Dave Evans

Dave is the VP of social strategy at Lithium. Based in Austin, Dave is also the author of best-selling "Social Media Marketing: An Hour a Day," as well as "Social Media Marketing: The Next Generation of Business Engagement." Dave is a regular columnist for ClickZ, a frequent keynoter, and leads social technology and measurement workshops with the American Marketing Association as well as Social Media Executive Seminars, a C-level business training provider.

Dave has worked in social technology consulting and development around the world: with India's Publicis|2020media and its clients including the Bengaluru International Airport, Intel, Dell, United Brands, and Pepsico and with Austin's FG SQUARED and GSD&M| IdeaCity and clients including PGi, Southwest Airlines, AARP, Wal-Mart, and the PGA TOUR. Dave serves on the advisory boards for social technology startups including Palo Alto-based Friend2Friend and Mountain View-based Netbase and iGoals.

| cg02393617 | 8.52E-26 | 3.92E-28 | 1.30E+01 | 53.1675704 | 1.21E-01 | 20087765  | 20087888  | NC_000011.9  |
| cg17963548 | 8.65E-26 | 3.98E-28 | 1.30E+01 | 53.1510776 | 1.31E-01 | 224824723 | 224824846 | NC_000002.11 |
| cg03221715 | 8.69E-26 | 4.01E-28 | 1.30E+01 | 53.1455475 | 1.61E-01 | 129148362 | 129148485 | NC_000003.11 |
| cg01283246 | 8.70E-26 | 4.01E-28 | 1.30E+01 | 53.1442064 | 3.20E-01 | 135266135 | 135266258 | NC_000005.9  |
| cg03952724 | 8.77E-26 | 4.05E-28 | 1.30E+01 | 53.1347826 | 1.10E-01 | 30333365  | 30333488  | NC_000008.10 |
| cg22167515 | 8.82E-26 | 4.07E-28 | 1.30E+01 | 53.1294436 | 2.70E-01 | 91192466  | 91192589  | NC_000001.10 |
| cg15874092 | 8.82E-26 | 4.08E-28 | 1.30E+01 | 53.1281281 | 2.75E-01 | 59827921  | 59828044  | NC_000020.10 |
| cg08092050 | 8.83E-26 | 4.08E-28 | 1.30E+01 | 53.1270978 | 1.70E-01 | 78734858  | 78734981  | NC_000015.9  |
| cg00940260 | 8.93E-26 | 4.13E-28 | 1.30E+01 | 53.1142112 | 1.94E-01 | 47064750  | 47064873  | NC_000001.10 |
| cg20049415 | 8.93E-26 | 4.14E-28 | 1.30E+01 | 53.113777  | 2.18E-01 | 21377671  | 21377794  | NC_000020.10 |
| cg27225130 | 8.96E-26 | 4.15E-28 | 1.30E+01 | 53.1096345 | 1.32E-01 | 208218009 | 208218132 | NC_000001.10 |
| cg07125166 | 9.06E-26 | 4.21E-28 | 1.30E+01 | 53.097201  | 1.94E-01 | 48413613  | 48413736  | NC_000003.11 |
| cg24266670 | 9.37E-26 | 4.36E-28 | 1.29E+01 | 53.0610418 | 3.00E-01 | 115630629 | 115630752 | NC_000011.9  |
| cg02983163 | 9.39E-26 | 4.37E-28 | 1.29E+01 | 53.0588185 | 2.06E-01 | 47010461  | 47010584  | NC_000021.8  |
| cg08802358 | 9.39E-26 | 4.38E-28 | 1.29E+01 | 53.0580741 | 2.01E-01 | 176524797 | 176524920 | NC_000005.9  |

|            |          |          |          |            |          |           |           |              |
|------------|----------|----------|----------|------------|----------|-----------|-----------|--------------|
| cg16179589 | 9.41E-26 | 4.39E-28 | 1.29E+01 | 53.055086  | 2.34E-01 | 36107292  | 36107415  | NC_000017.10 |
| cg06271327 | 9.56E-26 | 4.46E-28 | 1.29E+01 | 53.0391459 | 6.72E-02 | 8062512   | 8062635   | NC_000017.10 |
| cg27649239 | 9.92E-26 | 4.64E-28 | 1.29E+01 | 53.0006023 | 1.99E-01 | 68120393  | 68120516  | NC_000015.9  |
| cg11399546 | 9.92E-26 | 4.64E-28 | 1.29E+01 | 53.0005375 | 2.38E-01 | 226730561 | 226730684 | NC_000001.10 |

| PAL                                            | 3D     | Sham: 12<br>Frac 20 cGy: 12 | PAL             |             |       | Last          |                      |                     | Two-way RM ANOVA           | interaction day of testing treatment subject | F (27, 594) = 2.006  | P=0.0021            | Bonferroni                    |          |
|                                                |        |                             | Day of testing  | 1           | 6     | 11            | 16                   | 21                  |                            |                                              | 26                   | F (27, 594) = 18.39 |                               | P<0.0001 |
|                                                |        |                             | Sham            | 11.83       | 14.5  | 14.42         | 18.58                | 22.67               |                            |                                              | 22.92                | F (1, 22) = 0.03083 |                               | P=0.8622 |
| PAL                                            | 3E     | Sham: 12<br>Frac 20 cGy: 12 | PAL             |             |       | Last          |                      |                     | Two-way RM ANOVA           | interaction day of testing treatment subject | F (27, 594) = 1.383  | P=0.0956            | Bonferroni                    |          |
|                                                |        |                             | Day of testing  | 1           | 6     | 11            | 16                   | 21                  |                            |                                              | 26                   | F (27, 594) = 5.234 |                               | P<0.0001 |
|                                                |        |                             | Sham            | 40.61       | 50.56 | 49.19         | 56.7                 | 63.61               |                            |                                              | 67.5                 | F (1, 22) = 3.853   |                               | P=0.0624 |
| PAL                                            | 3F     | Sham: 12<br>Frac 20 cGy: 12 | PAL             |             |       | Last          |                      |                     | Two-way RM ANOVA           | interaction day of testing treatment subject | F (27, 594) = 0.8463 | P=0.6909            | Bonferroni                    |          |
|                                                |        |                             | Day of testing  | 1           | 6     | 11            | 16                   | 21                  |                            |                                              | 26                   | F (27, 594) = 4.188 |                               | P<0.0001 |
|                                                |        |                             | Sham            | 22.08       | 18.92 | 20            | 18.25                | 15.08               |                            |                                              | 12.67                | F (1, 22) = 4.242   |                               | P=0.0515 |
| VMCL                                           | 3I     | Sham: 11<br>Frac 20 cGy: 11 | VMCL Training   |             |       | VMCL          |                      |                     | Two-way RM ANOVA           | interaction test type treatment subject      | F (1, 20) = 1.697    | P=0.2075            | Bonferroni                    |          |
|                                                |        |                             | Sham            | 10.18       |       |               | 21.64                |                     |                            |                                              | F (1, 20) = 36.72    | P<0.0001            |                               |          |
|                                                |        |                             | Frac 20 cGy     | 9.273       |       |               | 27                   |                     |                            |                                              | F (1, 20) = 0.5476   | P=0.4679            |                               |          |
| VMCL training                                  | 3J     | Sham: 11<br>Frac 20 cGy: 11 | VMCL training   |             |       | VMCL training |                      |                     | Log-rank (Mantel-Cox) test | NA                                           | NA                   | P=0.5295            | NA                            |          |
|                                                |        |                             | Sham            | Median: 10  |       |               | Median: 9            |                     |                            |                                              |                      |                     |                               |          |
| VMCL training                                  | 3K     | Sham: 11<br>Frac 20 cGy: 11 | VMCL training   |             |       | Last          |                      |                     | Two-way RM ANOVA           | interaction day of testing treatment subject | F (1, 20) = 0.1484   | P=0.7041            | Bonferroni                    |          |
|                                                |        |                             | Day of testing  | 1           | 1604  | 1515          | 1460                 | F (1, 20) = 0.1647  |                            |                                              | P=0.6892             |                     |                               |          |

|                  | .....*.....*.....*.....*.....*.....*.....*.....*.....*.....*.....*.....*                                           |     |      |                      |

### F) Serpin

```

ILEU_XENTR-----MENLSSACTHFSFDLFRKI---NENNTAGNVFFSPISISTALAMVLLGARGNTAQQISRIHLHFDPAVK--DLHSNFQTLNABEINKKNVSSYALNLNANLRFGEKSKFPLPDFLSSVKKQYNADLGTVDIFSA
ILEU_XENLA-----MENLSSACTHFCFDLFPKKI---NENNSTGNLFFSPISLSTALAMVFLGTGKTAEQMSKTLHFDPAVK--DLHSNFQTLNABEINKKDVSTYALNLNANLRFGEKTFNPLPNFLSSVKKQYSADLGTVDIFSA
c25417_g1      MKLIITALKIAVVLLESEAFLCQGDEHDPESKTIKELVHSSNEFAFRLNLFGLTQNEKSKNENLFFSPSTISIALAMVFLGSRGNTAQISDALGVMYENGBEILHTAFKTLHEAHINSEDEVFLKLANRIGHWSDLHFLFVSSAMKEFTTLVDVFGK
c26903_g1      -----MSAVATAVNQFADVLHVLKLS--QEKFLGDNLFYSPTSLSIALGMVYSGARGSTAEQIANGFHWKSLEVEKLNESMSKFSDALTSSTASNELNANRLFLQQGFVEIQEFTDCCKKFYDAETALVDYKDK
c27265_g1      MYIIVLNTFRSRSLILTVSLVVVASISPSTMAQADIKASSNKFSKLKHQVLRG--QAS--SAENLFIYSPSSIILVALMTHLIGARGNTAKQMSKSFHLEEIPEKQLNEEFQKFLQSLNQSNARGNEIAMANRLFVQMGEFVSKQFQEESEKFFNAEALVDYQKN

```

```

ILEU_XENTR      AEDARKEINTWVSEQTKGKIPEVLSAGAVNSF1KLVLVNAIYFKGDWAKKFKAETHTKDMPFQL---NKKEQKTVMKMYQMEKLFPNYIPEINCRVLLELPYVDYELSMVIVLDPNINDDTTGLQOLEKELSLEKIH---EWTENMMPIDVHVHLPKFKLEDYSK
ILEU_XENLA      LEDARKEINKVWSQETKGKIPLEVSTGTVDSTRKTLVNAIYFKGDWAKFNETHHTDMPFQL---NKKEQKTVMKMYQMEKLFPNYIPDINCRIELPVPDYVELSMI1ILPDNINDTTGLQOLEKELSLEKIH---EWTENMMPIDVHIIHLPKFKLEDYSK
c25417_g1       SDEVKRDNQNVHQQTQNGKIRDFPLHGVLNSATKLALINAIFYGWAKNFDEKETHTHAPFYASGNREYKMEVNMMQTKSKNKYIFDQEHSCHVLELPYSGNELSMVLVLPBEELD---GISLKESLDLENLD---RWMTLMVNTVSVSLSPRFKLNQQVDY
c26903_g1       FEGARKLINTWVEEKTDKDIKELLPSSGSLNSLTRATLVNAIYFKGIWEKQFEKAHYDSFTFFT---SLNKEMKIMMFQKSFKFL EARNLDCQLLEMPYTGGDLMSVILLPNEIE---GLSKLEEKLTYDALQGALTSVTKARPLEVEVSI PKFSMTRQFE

Prior, Dave was a co-founder of social customer care technology provider Social Dynamx, a product manager with Progressive Insurance, and a systems analyst with NASA| Jet Propulsion Labs. Dave co-founded Digital Voodoo, a web technology consultancy, in 1994. Dave holds a BS in physics and mathematics from the State University of New York/ Brockport and has served on the Advisory Board for ad:tech and the Measurement and Metrics Council with WOMMA.